Why not a computerized pharmacist?

By | February 18, 2011

So IBW’s Watson recently competed and won ‘Jeopardy!”. Well, ‘Jeopardy!’ is a lot harder than verifying many medication orders routinely seen by pharmacists in the acute care setting.

According to a recent article at Network World: “Watson’s ability to analyze the meaning and context of human language, and quickly process information to find precise answers, can assist decision makers such as physicians and nurses, unlock important knowledge and facts buried within huge volumes of information, and offer answers they may not have considered to help validate their own ideas or hypotheses, IBM stated.

From IBM: “… a doctor considering a patient’s diagnosis could use Watson’s analytics technology, in conjunction with Nuance’s voice and clinical language understanding solutions, to rapidly consider all the related texts, reference materials, prior cases, and latest knowledge in journals and medical literature to gain evidence from many more potential sources than previously possible. This could help medical professionals confidently determine the most likely diagnosis and treatment options.””

Perhaps pharmacy could take advantage of the Watson technology to help pharmacists move away from nearly universal prospective order review (NUPOR), i.e pharmacists stuck at a computer terminal looking at every order written. There has been a movement in recent years to eliminate the need for NUPOR and move toward a system that allows drug orders with “imperceptible harm” to be automatically verified and activated for use on a patient. Some think it’s a crazy idea, but it makes sense to me. There are several medication orders that come to mind that would fall into an auto-verification category.

Just imagine the additional time a pharmacist would have to spend on clinical activities with the elimination of NUPOR. And we all know what additional clinical time means; yeah, saved healthcare dollars and improved patient safety. In addition, the idea of moving the pharmacist away from the pharmacy and toward the patient bedside is in line with recent goals set forth by AHSP in their PPMI. Let’s all hope that Watson lives up to expectations. I, for one, would welcome him as an honorary pharmacist.

For those of you interested in reading more about NUPOR and the idea of auto-verification of medication orders I’ve included some references below. Much of the information below can also be found at RxInformatics.com.

Poikonen, John
A new term for transcribing
Am J Health Syst Pharm 2008 65: 1801-1802

Flynn, Allen J.
Opportunity cost of pharmacists’ nearly universal prospective order review
Am J Health Syst Pharm 2009 66: 668-670

Poikonen, John
An informatics perspective on nearly universal prospective order review
Am J Health Syst Pharm 2009 66: 704-705

Tribble, Dennis A.
Automating order review is delegation, not abdication
Am J Health Syst Pharm 2009 66: 1078-1079

Pierpaoli, Paul G.
Creatively using our intellectual capital
Am J Health Syst Pharm 2009 66: 1087

Tilyou, Sarah
Should the ‘Sacred Cow’ of Near Universal Drug Order Review be Gored?
Pharmacy Practice News 2009 36:04 (requires free registration to access article)

8 thoughts on “Why not a computerized pharmacist?

  1. Pingback: The Computer Pharmacist – Rob Fahrni

  2. Rob Fahrni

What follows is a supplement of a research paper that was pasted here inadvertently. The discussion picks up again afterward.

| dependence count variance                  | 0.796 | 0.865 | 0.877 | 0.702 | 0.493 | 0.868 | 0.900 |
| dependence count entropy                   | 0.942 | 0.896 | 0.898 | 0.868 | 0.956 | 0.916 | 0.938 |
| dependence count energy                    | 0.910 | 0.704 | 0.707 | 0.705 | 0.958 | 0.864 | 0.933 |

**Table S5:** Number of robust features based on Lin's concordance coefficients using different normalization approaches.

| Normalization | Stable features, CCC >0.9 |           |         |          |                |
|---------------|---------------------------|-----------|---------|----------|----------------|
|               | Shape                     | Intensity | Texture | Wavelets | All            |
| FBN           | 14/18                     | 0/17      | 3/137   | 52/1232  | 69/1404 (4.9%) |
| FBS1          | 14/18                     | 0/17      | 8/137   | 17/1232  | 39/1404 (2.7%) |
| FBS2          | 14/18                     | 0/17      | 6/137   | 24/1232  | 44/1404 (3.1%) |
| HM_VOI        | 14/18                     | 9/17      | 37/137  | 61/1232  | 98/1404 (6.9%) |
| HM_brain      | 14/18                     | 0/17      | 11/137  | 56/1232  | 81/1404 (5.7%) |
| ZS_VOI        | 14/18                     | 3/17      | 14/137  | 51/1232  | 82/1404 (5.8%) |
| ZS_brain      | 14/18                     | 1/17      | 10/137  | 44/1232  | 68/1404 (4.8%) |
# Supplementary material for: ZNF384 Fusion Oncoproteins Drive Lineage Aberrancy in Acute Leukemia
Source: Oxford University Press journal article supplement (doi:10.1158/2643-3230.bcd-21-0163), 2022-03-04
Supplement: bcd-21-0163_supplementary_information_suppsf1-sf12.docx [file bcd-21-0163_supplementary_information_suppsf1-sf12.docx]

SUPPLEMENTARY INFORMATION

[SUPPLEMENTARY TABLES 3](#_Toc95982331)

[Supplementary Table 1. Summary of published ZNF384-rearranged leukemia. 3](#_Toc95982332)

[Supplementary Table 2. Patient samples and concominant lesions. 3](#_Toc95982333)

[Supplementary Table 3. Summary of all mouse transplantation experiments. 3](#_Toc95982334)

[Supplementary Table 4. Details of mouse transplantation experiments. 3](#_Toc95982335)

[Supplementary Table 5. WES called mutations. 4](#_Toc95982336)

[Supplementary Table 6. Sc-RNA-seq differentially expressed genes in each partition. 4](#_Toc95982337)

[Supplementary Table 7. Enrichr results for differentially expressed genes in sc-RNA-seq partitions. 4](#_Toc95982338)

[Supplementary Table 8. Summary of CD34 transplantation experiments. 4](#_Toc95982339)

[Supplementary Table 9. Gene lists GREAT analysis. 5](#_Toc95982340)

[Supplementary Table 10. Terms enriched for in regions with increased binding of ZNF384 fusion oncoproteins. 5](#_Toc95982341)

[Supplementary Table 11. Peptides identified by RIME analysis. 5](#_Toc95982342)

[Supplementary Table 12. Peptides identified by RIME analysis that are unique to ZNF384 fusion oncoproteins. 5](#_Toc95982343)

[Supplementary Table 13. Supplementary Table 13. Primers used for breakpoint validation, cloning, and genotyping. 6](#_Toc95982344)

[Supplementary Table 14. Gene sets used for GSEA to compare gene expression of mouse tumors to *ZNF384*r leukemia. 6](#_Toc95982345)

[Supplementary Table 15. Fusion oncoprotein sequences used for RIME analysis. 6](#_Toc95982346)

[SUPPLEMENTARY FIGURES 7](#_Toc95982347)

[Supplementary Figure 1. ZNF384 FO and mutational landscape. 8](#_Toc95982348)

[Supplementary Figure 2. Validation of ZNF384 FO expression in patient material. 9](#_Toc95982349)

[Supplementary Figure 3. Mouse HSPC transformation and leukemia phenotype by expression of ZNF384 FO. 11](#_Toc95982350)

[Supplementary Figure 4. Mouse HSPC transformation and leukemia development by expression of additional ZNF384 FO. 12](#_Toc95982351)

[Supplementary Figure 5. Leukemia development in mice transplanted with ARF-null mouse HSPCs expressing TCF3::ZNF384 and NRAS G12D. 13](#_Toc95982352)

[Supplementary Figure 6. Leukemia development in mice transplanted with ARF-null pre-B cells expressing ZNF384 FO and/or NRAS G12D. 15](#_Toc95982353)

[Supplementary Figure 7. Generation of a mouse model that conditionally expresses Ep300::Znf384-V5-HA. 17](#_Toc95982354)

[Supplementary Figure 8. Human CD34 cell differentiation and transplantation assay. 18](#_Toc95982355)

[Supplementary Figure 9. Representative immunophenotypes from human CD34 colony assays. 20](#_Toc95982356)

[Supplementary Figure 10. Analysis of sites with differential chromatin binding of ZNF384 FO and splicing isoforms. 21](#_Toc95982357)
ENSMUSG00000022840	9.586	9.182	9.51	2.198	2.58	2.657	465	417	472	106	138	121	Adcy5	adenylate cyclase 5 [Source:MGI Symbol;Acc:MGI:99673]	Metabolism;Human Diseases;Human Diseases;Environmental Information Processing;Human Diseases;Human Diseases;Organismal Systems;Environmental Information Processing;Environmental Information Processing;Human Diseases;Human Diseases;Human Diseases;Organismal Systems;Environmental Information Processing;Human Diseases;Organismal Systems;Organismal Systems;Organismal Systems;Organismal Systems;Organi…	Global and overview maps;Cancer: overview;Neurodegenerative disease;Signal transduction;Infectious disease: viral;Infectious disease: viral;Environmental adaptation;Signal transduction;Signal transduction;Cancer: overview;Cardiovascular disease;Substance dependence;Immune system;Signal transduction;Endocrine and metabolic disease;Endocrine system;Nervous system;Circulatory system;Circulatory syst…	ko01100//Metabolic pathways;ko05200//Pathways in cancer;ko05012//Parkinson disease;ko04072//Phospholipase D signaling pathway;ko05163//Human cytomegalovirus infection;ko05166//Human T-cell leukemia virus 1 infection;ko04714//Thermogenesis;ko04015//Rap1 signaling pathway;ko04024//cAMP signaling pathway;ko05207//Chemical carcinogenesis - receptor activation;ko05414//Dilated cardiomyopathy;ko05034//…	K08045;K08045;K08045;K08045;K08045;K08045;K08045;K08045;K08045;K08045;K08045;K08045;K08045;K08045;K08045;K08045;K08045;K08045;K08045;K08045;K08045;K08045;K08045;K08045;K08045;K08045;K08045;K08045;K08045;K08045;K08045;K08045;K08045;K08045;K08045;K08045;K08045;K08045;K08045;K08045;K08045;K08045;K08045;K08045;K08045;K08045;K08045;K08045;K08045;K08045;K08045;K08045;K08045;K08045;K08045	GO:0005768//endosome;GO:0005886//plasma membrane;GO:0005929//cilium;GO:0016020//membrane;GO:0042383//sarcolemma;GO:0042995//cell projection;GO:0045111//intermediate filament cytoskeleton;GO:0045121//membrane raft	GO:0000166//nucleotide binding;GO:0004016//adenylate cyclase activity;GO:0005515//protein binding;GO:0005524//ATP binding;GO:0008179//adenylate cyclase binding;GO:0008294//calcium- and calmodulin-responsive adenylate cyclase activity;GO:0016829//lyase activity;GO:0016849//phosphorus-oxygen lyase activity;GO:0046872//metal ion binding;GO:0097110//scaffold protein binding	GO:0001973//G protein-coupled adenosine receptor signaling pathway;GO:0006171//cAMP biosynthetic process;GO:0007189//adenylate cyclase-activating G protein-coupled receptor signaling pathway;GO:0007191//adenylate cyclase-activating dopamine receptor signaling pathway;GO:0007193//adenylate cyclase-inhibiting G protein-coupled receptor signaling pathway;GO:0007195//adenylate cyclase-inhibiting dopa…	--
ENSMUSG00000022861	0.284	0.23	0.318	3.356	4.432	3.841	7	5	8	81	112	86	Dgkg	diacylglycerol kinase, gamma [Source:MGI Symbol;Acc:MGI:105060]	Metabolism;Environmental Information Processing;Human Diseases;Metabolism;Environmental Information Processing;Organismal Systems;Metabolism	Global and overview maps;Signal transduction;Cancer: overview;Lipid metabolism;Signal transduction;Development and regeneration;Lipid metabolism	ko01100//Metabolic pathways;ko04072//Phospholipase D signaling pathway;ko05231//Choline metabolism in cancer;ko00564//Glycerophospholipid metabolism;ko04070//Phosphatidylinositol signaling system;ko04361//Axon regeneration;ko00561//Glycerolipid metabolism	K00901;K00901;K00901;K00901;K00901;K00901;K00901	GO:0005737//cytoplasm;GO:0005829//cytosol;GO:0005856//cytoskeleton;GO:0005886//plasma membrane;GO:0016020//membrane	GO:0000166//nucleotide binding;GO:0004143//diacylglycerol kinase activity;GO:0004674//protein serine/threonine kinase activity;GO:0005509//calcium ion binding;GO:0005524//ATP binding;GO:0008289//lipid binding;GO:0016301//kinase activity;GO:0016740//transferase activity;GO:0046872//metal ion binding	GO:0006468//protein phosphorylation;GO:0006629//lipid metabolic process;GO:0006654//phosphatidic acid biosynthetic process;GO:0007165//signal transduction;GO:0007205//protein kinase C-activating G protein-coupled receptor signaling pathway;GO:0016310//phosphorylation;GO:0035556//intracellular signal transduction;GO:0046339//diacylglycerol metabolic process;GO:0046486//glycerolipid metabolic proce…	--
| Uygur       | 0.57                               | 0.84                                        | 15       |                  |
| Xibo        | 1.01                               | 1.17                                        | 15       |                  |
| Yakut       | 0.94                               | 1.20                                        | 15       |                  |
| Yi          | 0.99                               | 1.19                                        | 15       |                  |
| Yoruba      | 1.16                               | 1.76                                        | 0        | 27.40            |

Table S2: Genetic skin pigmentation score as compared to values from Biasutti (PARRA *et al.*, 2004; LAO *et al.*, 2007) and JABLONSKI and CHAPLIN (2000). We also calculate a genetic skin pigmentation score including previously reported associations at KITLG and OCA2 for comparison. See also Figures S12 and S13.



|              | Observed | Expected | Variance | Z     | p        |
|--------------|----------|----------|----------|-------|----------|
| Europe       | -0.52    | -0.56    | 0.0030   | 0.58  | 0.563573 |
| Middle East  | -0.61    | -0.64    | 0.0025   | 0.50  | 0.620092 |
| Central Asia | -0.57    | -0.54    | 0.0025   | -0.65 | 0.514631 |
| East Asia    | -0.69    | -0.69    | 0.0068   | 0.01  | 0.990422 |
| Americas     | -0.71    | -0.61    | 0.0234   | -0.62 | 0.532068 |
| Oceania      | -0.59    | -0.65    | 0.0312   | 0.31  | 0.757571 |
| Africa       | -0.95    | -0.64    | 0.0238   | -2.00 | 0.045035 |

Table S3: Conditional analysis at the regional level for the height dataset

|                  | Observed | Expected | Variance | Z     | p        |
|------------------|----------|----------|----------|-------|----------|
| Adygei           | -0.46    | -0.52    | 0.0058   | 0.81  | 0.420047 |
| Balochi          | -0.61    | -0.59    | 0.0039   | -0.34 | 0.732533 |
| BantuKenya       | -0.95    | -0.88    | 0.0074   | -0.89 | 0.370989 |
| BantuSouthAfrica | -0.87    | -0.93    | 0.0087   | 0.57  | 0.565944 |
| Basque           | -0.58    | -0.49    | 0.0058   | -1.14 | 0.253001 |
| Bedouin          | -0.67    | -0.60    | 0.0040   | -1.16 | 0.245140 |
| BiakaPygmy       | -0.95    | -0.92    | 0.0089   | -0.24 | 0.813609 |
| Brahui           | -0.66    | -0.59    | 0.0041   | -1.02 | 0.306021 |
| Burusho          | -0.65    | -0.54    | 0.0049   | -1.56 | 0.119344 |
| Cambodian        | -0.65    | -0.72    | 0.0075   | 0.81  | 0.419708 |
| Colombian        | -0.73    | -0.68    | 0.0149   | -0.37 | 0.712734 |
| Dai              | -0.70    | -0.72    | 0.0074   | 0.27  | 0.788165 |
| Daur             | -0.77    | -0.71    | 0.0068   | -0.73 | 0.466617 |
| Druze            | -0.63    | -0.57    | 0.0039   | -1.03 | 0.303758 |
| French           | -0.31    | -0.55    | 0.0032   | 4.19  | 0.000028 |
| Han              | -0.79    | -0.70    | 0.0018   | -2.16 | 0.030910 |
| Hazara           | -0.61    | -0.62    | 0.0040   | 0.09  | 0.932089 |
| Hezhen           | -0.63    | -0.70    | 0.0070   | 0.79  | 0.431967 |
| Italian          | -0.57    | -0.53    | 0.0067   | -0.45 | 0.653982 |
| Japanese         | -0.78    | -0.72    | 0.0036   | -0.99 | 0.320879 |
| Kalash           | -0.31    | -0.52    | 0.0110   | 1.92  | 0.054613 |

Nice post Jay.

    Keep that thinking out ahead of the curve, eventually everyone else will catch up. Hopefully it doesn’t take 20-years.

  3. Jerry Fahrni Post author

    I can’t take credit for this one as John Poikonen sent me a link to the original story. And John has been trying to kill off NUPOR for a while. I’m just fortunate enough to be part of John’s “Think Tank” at times.

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  7. Sean

    Jerry,

    I have just now read your posts starting from the mid year meeting. How true your views are with regards to the future of pharmacy and the rosy picture academia paints for students. I will go ahead and add one more…residency. I’m not talking about extreme specialty residency, I’m talking about ‘community practice’, ‘pharmacy practice’, ‘hospital’ and the like. We in the business call it the “One year waste of time” (and money). I was turned down last year from my own pharmacy school for a professorship position simply because I didn’t have a residency. Mind you–I’ve taught 4th year students for 6 years in clerkships for drug info and pharmacoeconomics!!! Anyway, I laughed at the thought and won an argument (in my opinion) with a current professor who could not name ONE advantage of having a residency over working in the same position for one year. So why do it?! $30K stipend—$100K salary… In any case, thank you for the articles and the thought provoking foresight that our profession will, at some point in the future, be replaced by automation.

    Sean

  8. Jerry Fahrni Post author

    Hi Sean,

    Thanks for the thoughtful comments. The only time in my career that I regretted not doing a residency was when I was, as you mention, trying to get a job in academia a while back. Unfortunately the years in practice meant nothing once they discovered I was an abomination, i.e. had no post-graduate residency. I can’t be too harsh on them, after all there has to be some standard for admission to the ivory tower. Just because I can’t get in doesn’t make it wrong I suppose.

    I hope I haven’t painted too bleak a picture for the future of our practice. I do maintain some little bit of hope that we’ll turn things around and get things back on the right track, but our track record doesn’t bode well for us. Pharmacy really needs to re-invent itself, but into what I have no idea. Good luck in your practice and stop by any time.

    Jerry

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